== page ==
Good advice on clogged courts – Opinion/Editorials
Published On Thu Sep 16 2010

Justice is supposed to be blind. Yet judges have long blinded themselves to the grave injustices of a court system so complex and costly that it often bankrupts feuding parents and sells their children short.

Now, one judge is trying to open our eyes to the ossified state of our family court system with a public call for “dramatic” change. Presiding over the opening of the courts this week, Chief Justice Warren Winkler told the province’s assembled legal brain trust — its top judges, lawyers, and Attorney General Chris Bentley — that the status quo is utterly dysfunctional. Tinkering with a broken system will not make it right again.

“I question the effectiveness of the slow and steady approach of fine-tuning and rationalizing the present system,” he argued in his annual speech. “Rather than incremental change, perhaps it is time to consider a more dramatic and pragmatic revision of the manner in which family law services are delivered across Ontario.”

Justice Winkler wants to make it mandatory for feuding couples to first attempt mediation or arbitration — with early access to legal advice and financial data — and leave the formalities and complexities of the courts as a last resort.

His call for an alternative dispute resolution system follows a series of articles by the Star last year describing the human heartbreak and financial cost of an unwieldy system that stokes grievances rather than resolving them. Facing prohibitive legal fees, many parents opt to represent themselves in court, with often disastrous consequences for their cases — and the for the province’s caseload (with 313,000 family law hearings in Ontario’s top courts last year).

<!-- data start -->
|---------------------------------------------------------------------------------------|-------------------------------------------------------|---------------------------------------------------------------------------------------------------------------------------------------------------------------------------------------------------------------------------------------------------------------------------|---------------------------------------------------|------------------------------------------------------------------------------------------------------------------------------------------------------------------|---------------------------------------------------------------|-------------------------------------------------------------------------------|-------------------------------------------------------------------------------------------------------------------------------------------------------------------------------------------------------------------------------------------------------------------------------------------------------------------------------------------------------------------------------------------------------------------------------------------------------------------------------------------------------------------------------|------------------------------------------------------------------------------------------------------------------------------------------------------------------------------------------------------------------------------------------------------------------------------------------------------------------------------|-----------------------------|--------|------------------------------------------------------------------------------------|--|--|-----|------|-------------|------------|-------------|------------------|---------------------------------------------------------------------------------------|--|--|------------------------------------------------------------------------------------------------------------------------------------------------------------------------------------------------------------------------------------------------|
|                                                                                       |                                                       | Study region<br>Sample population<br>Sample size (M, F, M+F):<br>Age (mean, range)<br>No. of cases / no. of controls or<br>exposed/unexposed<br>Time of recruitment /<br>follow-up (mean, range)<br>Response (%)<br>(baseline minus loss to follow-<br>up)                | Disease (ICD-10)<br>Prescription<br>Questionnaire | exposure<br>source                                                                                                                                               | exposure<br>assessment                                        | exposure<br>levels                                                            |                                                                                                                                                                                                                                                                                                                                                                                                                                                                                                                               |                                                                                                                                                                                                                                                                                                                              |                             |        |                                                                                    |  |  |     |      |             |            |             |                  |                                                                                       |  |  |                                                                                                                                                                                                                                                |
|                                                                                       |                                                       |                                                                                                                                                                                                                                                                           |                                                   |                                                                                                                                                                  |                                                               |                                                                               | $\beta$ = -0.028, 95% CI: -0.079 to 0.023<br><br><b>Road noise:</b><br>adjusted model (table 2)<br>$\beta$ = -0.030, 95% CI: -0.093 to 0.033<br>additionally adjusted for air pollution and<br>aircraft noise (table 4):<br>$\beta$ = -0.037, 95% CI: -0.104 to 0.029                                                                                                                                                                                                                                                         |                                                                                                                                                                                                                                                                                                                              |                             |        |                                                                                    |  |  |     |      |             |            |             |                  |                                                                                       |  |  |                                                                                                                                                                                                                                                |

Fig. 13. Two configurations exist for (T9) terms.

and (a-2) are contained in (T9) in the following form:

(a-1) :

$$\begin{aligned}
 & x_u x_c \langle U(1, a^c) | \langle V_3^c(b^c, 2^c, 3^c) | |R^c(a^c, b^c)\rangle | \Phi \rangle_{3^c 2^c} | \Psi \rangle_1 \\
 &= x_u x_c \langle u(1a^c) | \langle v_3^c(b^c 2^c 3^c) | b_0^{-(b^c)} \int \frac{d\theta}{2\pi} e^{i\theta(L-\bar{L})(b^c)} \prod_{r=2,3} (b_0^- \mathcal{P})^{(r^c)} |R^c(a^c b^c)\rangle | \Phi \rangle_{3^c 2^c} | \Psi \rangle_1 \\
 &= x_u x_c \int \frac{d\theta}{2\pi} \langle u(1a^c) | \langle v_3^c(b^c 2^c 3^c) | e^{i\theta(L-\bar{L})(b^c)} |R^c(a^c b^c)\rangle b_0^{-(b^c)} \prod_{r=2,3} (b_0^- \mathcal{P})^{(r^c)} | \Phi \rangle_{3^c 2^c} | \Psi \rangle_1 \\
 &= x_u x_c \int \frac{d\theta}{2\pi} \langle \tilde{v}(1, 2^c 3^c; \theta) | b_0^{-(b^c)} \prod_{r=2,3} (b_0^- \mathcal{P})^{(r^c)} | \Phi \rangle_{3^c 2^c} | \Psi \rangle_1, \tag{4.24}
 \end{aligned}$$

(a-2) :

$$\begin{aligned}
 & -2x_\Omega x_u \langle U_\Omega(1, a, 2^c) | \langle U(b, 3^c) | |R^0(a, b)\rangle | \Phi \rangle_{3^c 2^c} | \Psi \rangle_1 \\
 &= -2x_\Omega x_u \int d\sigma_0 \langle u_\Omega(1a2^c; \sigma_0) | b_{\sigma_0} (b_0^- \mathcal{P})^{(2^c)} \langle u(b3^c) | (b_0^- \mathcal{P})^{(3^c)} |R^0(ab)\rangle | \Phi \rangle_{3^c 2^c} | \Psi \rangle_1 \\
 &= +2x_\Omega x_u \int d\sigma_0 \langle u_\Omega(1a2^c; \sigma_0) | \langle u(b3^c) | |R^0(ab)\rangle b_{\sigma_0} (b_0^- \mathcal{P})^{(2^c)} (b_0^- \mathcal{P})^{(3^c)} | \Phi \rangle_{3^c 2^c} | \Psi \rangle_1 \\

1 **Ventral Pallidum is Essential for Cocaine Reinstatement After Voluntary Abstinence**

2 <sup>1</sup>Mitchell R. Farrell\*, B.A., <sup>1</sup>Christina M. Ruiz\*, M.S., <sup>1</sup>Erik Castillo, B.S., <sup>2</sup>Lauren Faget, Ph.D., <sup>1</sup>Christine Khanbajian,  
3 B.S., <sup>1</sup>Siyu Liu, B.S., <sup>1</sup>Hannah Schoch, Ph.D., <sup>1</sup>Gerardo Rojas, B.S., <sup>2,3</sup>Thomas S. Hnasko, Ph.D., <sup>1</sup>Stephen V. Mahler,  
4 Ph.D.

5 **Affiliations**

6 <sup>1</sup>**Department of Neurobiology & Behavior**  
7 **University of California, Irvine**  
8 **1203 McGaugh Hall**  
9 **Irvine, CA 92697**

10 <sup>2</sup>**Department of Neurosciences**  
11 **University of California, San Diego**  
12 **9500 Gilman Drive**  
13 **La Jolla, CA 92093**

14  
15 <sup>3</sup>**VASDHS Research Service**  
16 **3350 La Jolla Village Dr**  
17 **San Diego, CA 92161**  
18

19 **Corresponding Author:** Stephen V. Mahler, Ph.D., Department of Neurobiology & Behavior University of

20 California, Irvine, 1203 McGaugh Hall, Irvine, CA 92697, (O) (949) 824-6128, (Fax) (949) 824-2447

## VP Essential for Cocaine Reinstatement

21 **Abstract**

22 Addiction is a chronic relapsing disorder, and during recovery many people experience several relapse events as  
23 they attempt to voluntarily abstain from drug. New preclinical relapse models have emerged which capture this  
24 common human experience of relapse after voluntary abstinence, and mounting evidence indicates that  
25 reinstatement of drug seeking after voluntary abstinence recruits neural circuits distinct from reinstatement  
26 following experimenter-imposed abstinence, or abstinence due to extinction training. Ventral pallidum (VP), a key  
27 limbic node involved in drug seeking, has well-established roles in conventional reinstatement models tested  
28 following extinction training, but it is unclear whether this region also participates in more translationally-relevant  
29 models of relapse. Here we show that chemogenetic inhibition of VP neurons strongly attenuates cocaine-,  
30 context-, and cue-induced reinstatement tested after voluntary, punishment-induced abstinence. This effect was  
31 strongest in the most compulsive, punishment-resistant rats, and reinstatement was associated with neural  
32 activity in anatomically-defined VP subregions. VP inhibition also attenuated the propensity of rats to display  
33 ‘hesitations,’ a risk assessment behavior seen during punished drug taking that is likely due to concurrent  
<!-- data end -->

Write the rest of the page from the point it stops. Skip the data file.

By contrast, major judicial reforms in Australia have provided mandatory mediation, with initial legal advice provided free in a holistic setting that aims for shared custody.

Ontario’s Chief Justice, who has a distinguished record as a mediator in complex disputes, has been quietly calling for a fresh look at the province’s judicial scelerosis. He wants judges to take a more activist and hands-on role in brokering deals, rather than staying above the fray.

Now that he has taken his crusade public, the Chief Justice deserves not only a hearing but also a judicious verdict from a government that can no longer ignore its clogged courts.

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